Facial palsy, arthritis, nerve pain, dizziness, heart palpitations, shooting pains or tingling in the hands or feet as well as problem with short-term memory.

Why are tick bites bad, and what to do if you’ve been bitten by a tick

If you’ve been bitten by a tick, the Mayo Clinic suggests removing the tick with fine-tipped tweezers, and seal the tick in a container and keep in the freezer. If you develop symptoms within a few days, bring the tick with you to your doctor.

Wash your hands and the bite site with warm water, soap or rubbing alcohol.

Contact your doctor if you are unable to remove the tick as soon as possible, if a rash appears and gets bigger or the bite site gets infected.

How do you prevent tick bites?

While there is no human vaccine against Lyme disease, the best form of protection from Lyme disease is to prevent tick bites.

mother spraying son with bug spray outside in woods on hike
Protecting yourself against ticks and performing thorough checks of yourself and your pets can help prevent Lyme disease. (Image via Getty Images)

Before going outdoors, be sure to spray yourself and clothing with a bug repellent that contains DEET. You can also find U.S Environmental Protection Agency (EPA) approved insect repellent to suit your needs. If you’re an avid camper or hiker, you can treat your clothing and gear with products that contain 0.5 per cent permethrin that will last for several washings to ensure your protection.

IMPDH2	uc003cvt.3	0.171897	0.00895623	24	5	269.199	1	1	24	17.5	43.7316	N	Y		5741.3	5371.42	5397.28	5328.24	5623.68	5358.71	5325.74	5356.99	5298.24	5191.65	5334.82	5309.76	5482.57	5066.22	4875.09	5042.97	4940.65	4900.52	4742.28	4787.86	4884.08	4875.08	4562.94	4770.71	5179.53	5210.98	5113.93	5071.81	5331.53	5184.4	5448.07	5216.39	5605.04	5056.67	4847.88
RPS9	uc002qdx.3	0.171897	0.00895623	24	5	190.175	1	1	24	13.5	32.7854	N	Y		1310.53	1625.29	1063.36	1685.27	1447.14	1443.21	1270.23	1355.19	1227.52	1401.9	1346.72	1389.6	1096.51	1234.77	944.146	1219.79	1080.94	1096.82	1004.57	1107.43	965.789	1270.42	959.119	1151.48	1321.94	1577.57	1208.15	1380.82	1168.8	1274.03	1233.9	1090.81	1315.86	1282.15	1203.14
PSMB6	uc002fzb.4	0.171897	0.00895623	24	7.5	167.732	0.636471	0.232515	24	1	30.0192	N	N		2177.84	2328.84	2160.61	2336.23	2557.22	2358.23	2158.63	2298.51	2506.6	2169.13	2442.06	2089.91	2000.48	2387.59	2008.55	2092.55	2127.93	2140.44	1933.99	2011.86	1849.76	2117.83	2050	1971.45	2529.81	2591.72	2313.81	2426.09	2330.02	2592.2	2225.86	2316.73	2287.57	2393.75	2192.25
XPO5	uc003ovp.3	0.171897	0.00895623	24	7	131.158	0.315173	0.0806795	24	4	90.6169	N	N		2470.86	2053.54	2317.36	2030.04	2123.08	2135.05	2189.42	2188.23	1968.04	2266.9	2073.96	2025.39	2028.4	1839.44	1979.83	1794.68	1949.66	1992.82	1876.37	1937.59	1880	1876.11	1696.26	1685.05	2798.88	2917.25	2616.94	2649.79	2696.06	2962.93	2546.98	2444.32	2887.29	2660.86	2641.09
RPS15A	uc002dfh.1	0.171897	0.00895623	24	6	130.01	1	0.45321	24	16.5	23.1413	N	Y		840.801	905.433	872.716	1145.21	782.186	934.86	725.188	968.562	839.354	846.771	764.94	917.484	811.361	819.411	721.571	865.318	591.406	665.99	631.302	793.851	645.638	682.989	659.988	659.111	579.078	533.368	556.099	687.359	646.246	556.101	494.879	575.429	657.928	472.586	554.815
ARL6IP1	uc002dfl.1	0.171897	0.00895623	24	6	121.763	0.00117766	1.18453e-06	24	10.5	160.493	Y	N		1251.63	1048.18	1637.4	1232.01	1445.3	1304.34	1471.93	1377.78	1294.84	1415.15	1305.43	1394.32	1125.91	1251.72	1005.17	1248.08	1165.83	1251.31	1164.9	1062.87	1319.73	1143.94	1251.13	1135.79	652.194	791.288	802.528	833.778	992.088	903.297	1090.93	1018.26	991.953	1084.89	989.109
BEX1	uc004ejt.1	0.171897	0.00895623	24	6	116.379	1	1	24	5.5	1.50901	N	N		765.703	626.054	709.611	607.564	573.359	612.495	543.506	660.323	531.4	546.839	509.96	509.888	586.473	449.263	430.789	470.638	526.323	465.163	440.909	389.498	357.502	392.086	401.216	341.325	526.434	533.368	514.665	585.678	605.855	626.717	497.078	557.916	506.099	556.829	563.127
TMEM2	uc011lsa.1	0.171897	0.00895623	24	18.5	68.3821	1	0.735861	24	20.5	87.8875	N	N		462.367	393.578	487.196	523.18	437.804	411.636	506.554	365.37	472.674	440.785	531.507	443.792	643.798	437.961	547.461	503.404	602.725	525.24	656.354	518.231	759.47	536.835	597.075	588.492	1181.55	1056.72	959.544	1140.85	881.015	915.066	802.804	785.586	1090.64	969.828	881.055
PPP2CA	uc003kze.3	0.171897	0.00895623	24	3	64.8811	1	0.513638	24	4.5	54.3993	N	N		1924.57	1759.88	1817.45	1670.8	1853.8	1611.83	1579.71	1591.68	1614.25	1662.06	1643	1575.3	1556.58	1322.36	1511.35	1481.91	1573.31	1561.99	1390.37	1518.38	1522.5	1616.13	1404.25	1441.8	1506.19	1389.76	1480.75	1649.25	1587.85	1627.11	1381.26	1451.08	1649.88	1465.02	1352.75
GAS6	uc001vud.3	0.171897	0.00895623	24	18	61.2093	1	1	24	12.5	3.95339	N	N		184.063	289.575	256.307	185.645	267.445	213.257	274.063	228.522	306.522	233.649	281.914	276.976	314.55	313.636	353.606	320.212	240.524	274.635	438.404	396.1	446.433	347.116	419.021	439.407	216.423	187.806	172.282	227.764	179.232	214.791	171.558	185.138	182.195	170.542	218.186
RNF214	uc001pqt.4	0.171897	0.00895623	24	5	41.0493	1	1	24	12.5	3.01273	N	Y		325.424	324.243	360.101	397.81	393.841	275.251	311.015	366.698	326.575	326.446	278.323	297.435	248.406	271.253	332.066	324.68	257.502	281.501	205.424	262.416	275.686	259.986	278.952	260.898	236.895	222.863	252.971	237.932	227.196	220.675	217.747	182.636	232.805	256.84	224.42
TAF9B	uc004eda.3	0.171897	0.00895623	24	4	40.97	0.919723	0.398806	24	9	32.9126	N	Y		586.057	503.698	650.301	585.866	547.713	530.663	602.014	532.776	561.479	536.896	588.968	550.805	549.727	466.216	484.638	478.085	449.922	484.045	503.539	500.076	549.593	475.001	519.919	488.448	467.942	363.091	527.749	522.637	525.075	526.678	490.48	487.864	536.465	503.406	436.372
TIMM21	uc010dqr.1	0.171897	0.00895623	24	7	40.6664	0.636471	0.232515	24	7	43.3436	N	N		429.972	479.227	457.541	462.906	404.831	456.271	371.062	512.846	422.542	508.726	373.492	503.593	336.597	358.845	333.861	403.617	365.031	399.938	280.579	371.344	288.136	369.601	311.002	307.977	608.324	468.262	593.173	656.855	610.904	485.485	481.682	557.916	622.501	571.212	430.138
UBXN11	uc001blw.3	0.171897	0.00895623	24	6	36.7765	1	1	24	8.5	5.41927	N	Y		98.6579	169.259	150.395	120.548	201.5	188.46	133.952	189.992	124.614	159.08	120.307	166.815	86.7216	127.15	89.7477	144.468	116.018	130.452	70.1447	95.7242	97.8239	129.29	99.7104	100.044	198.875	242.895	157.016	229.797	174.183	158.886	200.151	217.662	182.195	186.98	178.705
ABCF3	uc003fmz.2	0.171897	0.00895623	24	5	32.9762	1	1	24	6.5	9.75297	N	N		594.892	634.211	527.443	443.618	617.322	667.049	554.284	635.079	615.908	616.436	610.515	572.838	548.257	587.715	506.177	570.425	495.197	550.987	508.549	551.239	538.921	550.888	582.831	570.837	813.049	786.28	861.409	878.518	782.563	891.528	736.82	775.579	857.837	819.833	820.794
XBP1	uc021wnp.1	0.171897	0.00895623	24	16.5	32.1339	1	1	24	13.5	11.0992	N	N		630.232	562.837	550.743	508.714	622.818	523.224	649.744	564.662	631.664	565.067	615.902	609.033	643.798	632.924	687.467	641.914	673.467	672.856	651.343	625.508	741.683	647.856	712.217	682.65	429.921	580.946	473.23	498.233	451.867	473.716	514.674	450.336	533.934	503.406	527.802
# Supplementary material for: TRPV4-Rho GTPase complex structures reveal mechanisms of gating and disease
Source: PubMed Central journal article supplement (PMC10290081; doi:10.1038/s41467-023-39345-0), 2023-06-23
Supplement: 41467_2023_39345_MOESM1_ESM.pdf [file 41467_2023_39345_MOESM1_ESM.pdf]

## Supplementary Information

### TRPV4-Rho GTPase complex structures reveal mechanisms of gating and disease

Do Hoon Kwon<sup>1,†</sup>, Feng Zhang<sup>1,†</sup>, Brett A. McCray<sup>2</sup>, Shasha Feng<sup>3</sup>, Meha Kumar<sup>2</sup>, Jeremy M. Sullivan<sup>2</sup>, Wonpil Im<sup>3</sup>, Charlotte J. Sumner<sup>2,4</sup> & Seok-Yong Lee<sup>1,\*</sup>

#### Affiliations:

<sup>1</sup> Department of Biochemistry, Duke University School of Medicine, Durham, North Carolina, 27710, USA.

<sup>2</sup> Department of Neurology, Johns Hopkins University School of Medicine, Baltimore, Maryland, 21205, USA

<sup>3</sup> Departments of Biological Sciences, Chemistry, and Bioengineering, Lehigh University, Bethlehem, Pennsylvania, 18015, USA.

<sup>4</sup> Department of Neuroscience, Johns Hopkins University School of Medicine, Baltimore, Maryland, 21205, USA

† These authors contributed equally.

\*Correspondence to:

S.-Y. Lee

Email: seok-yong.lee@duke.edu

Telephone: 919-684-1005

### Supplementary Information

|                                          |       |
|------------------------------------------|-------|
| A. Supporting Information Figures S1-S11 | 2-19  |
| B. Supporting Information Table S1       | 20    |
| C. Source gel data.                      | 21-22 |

Be sure to examine yourself thoroughly for ticks around your hairline, ears, armpits, groin, belly button and the back of your legs for ticks once you return indoors. The CDC suggests showering to help wash off potentially unattached ticks that you may not have seen. Examine your clothes and if possible, put them in the dryer for at least ten minutes to kill any ticks that may have made their way indoors.

vet pulling tick off dog's ear
Pets are often carriers of ticks. (Image via Getty Images)

Ticks often migrate through animals, meaning your pet could be a carrier or ticks into your home. Aside from asking your vet about a suitable tick prevention product, be sure to check your pet around the ears, eyelids, tail, collar and under their legs for ticks.

Reduce ticks in your backyard

While many people used to believe you had to travel into a wooded area to come across ticks, many ticks are living right in their own backyard.

You can help reduce the possibility of ticks by ensuring that your lawn and property is not a suitable environment for ticks. Make sure your lawn is frequently mowed, trees and bushes trimmed to allow for sunlight (which ticks don’t like) and remove any weeds or brush from your yard. Remove any excess furniture and keep swing-sets and garbage away from wooded areas.

Additionally, you can create a barrier around your property of wooden chips or gravel to restrict tick movement and migration into the rest of your lawn.